Notholca squamula (Müller, 1786)

Most likely ID: n.a.


Synonym: n.a.


Sampling location: Mindelsee


Phylogenetic tree: Notholca squamula



  • lorica oval, dorso-ventrally flattened
  • posterior end of lorica broadly rounded
  • length 120–190 µm
  • dorsal and ventral side of lorica with longitudinal striation
  • anterior dorsal margin with 2 long and 4 short spines
  • anterior ventral margin with an U-shaped sinus
  • ohne spherical eyespot
Notholca squamula

So far I have only found Notholca squamula in the reedbeds of the Mindelsee. Temporary, very shallow pools form in the reedbeds there after the snow melts or after sufficient rainfall. As Notholca squamula is a cold-stenothermal species, I have only ever found it in February and March.


Notholca squamula is easily recognizable because the lorica is strongly flattened dorso-ventrally and broadly rounded at the posterior end. At the front end there is a U-shaped incision the ventral side (s. fig. 3 a), while on the anterior margin of the dorsal side there are two typical, elongated spines (s. fig. 3 b). The lorica consists of a ventral and dorsal plate, which are flexibly connected laterally. This allows the apical opening to close like a snap fastening glasses case when the animal retracts.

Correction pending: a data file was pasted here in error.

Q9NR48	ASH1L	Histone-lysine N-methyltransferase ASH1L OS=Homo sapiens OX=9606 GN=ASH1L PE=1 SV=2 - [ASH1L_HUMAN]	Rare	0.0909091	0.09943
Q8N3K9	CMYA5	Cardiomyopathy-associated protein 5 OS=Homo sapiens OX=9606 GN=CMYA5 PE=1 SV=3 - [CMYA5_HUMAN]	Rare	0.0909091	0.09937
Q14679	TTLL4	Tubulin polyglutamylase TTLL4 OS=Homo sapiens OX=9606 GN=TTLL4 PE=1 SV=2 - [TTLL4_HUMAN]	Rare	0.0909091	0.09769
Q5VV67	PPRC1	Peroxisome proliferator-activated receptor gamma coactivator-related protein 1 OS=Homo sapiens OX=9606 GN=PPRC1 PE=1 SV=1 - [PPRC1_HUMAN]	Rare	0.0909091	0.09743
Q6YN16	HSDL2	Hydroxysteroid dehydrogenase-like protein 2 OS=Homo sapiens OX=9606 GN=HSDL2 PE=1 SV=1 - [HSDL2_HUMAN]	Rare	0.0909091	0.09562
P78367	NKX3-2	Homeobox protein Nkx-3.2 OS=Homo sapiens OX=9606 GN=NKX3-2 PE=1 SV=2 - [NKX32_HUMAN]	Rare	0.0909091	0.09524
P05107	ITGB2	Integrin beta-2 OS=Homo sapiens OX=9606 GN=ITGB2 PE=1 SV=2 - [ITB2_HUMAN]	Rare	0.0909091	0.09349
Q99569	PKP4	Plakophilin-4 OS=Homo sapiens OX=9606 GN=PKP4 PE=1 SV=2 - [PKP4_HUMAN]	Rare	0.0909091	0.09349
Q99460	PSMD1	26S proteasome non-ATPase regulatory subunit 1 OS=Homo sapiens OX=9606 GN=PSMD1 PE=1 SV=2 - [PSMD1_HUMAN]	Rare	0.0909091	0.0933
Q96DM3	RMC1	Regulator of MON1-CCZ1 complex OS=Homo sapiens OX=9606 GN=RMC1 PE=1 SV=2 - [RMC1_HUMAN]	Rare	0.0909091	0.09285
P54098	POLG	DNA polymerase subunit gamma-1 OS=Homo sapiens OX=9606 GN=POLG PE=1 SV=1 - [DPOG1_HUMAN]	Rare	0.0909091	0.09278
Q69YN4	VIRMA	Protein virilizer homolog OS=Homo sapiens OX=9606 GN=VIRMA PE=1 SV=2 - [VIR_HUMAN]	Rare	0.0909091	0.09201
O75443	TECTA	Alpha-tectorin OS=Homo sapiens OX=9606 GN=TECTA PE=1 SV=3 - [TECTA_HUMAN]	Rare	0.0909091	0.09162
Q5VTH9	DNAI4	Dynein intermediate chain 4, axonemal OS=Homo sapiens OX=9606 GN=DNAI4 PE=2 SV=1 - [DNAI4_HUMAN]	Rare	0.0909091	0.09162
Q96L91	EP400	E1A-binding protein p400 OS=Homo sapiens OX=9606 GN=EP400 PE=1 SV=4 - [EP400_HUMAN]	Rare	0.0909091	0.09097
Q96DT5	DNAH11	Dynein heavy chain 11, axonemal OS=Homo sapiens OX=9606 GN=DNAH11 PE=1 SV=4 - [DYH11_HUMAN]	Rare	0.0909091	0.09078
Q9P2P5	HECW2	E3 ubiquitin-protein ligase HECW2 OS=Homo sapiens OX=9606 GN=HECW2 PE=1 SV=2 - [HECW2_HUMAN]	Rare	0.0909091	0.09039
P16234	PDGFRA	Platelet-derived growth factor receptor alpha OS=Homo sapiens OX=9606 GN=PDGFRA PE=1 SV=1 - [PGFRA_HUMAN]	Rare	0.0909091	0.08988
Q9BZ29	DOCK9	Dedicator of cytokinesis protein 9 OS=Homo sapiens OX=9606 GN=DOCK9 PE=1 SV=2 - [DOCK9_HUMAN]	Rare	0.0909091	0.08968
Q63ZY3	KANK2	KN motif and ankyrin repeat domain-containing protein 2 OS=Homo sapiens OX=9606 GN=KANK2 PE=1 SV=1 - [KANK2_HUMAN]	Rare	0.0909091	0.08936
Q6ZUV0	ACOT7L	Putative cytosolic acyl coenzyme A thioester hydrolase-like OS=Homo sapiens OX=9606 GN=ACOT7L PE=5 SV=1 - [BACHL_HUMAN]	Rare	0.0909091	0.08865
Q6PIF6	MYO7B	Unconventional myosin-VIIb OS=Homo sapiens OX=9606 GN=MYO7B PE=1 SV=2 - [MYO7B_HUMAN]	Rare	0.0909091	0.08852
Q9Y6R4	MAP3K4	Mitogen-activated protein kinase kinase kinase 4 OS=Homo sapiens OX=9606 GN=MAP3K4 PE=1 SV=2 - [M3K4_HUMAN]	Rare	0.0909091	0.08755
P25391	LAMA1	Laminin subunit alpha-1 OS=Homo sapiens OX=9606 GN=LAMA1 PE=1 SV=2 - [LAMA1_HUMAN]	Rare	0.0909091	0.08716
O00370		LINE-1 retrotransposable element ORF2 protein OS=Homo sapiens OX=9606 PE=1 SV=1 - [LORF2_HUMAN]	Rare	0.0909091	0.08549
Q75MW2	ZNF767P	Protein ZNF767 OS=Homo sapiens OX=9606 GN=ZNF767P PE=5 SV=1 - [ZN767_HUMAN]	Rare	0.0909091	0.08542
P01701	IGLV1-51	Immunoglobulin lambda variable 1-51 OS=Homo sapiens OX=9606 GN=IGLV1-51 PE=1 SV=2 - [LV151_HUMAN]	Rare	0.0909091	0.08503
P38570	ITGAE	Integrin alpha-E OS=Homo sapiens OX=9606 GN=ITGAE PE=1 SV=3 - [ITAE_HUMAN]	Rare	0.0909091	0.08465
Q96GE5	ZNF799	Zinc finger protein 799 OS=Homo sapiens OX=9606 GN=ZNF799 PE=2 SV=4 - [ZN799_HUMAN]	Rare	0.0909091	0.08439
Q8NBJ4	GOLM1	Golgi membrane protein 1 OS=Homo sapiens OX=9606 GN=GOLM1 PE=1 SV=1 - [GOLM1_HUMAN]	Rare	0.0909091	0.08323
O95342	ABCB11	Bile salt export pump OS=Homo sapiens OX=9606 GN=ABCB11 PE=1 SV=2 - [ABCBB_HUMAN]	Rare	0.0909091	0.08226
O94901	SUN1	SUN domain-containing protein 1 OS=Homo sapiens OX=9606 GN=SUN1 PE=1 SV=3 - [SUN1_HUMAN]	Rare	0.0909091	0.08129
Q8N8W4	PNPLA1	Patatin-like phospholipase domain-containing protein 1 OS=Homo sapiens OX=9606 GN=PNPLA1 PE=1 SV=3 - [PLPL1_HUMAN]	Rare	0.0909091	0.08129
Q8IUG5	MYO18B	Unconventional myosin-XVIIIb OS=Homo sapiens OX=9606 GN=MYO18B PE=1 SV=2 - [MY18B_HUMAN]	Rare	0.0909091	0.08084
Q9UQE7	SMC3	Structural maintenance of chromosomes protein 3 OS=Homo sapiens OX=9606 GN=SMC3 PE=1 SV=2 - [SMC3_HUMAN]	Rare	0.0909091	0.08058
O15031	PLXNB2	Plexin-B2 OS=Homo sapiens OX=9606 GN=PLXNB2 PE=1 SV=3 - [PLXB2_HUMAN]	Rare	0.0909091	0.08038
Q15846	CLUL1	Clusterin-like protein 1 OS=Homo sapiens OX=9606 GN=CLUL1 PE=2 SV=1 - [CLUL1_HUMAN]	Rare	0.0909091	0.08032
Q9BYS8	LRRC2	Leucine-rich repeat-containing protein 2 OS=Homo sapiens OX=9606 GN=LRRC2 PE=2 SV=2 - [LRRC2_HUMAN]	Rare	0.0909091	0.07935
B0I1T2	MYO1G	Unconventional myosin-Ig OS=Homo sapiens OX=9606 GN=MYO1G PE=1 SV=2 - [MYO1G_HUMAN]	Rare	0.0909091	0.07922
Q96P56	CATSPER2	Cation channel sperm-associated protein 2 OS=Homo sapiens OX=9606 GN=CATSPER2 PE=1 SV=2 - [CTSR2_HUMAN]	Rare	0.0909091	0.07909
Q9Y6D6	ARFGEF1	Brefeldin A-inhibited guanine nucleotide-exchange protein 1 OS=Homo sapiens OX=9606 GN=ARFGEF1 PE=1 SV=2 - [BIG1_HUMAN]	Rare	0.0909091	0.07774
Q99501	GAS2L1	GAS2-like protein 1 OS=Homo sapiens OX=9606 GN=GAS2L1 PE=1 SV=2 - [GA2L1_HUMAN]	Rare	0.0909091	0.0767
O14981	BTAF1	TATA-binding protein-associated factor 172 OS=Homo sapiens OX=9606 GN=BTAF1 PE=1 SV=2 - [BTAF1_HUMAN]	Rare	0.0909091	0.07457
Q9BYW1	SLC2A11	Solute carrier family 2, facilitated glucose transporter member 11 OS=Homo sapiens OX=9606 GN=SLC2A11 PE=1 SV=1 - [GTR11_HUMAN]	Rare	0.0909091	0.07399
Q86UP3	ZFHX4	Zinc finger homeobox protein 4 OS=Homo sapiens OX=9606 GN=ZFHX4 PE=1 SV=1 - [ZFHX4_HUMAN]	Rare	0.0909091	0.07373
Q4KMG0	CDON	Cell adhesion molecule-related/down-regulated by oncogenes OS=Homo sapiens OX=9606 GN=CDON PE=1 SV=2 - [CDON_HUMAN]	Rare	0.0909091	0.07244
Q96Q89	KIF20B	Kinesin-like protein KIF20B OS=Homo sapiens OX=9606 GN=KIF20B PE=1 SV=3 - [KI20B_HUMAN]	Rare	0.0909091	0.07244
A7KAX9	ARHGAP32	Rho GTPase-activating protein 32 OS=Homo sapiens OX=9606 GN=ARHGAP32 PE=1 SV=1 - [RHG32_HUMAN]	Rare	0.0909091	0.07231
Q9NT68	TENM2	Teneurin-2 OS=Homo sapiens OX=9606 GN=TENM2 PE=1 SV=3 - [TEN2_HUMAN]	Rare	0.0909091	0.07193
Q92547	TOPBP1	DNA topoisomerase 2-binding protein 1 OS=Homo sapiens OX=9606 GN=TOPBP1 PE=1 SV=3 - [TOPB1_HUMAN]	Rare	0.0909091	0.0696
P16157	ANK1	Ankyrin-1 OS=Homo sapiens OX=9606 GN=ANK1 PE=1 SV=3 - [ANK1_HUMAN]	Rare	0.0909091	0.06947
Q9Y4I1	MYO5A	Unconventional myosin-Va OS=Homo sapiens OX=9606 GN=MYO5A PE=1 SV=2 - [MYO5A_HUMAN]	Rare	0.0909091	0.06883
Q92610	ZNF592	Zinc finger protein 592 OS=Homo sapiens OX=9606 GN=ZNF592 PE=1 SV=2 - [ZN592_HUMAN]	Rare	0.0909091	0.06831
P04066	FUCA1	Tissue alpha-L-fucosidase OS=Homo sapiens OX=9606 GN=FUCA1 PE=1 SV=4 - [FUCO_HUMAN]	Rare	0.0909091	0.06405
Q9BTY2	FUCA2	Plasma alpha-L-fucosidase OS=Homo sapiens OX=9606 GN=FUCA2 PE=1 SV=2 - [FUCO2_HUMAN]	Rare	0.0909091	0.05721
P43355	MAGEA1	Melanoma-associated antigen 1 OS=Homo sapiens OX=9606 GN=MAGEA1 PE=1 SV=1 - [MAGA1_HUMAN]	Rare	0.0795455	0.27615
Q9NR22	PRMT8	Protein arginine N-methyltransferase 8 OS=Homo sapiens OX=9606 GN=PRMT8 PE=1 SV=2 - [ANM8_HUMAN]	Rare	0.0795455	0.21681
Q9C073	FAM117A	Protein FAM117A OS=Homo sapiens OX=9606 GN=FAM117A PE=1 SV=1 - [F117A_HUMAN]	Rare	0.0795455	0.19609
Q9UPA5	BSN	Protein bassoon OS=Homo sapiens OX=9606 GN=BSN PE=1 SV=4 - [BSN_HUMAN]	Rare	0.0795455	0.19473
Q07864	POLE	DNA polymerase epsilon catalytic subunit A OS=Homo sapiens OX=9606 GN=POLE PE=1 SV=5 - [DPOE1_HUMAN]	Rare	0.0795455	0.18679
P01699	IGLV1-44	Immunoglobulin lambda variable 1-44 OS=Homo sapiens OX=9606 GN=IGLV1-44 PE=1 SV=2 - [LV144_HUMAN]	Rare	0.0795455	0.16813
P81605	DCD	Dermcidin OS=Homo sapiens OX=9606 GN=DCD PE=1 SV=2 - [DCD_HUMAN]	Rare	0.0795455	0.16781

Fig. 1 a-c: Notholca squamula. L = 164 µm. A freely swimming specimen. Obj. 40 X.


Fig. 2 a-b: Notholca squamula. L = 168 µm. An elongated (a) and retracted (b) specimen. Obj. 60 X.


Fig. 3 a-b: Notholca squamula. L = 146 µm. Focal plane on the ventral plate of the lorica with a U-shaped incision (a) and on the dorsal plate with the two elongated spines in the middle (b). Note the longitudinal striation of the ventral and of the dorsal plate. Obj. 60 X.


Fig. 4: Notholca squamula. A squashed specimen from ventral. BL = bladder, ES = eyespot, GG = gastric glands, ST = stomach, TR = trophi, Vit = vitellarium. Obj. 60 X.


Fig. 5 a-b: Notholca squamula. Two focal planes of the trophi in a strongly squashed specimen. Obj. 100 X.